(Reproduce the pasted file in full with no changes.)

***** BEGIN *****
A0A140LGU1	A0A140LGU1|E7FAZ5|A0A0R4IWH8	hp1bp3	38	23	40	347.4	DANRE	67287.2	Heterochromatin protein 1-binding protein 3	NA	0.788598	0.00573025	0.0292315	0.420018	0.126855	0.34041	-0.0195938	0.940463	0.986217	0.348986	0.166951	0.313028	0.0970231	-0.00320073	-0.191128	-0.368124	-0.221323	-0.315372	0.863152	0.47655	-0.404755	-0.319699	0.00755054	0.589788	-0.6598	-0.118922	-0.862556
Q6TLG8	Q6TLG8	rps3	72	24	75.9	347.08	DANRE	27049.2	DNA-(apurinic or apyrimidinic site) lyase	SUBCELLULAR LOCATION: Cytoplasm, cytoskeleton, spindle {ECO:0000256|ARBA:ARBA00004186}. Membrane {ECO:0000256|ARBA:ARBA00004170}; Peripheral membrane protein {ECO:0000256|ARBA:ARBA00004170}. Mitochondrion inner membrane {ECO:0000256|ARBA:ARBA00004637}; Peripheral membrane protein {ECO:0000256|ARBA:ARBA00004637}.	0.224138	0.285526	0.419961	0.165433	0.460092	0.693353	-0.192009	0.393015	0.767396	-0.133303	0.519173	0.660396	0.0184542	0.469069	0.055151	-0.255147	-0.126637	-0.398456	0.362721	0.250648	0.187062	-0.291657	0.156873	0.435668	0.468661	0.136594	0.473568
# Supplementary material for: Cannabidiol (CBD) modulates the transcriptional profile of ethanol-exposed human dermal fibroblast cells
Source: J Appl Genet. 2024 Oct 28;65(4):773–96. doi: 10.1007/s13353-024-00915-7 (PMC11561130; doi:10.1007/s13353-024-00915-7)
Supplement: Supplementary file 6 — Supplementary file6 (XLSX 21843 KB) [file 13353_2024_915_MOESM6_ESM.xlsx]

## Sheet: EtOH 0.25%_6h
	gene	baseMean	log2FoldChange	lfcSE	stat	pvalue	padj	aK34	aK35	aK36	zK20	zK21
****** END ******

A0A140LGU1	A0A140LGU1|E7FAZ5|A0A0R4IWH8	hp1bp3	38	23	40	347.4	DANRE	67287.2	Heterochromatin protein 1-binding protein 3	NA	0.788598	0.00573025	0.0292315	0.420018	0.126855	0.34041	-0.0195938	0.940463	0.986217	0.348986	0.166951	0.313028	0.0970231	-0.00320073	-0.191128	-0.368124	-0.221323	-0.315372	0.863152	0.47655	-0.404755	-0.319699	0.00755054	0.589788	-0.6598	-0.118922	-0.862556
Q6TLG8	Q6TLG8	rps3	72	24	75.9	347.08	DANRE	27049.2	DNA-(apurinic or apyrimidinic site) lyase	SUBCELLULAR LOCATION: Cytoplasm, cytoskeleton, spindle {ECO:0000256|ARBA:ARBA00004186}. Membrane {ECO:0000256|ARBA:ARBA00004170}; Peripheral membrane protein {ECO:0000256|ARBA:ARBA00004170}. Mitochondrion inner membrane {ECO:0000256|ARBA:ARBA00004637}; Peripheral membrane protein {ECO:0000256|ARBA:ARBA00004637}.	0.224138	0.285526	0.419961	0.165433	0.460092	0.693353	-0.192009	0.393015	0.767396	-0.133303	0.519173	0.660396	0.0184542	0.469069	0.055151	-0.255147	-0.126637	-0.398456	0.362721	0.250648	0.187062	-0.291657	0.156873	0.435668	0.468661	0.136594	0.473568
# Supplementary material for: Cannabidiol (CBD) modulates the transcriptional profile of ethanol-exposed human dermal fibroblast cells
Source: J Appl Genet. 2024 Oct 28;65(4):773–96. doi: 10.1007/s13353-024-00915-7 (PMC11561130; doi:10.1007/s13353-024-00915-7)
Supplement: Supplementary file 6 — Supplementary file6 (XLSX 21843 KB) [file 13353_2024_915_MOESM6_ESM.xlsx]

## Sheet: EtOH 0.25%_6h
	gene	baseMean	log2FoldChange	lfcSE	stat	pvalue	padj	aK34	aK35	aK36	zK20	zK21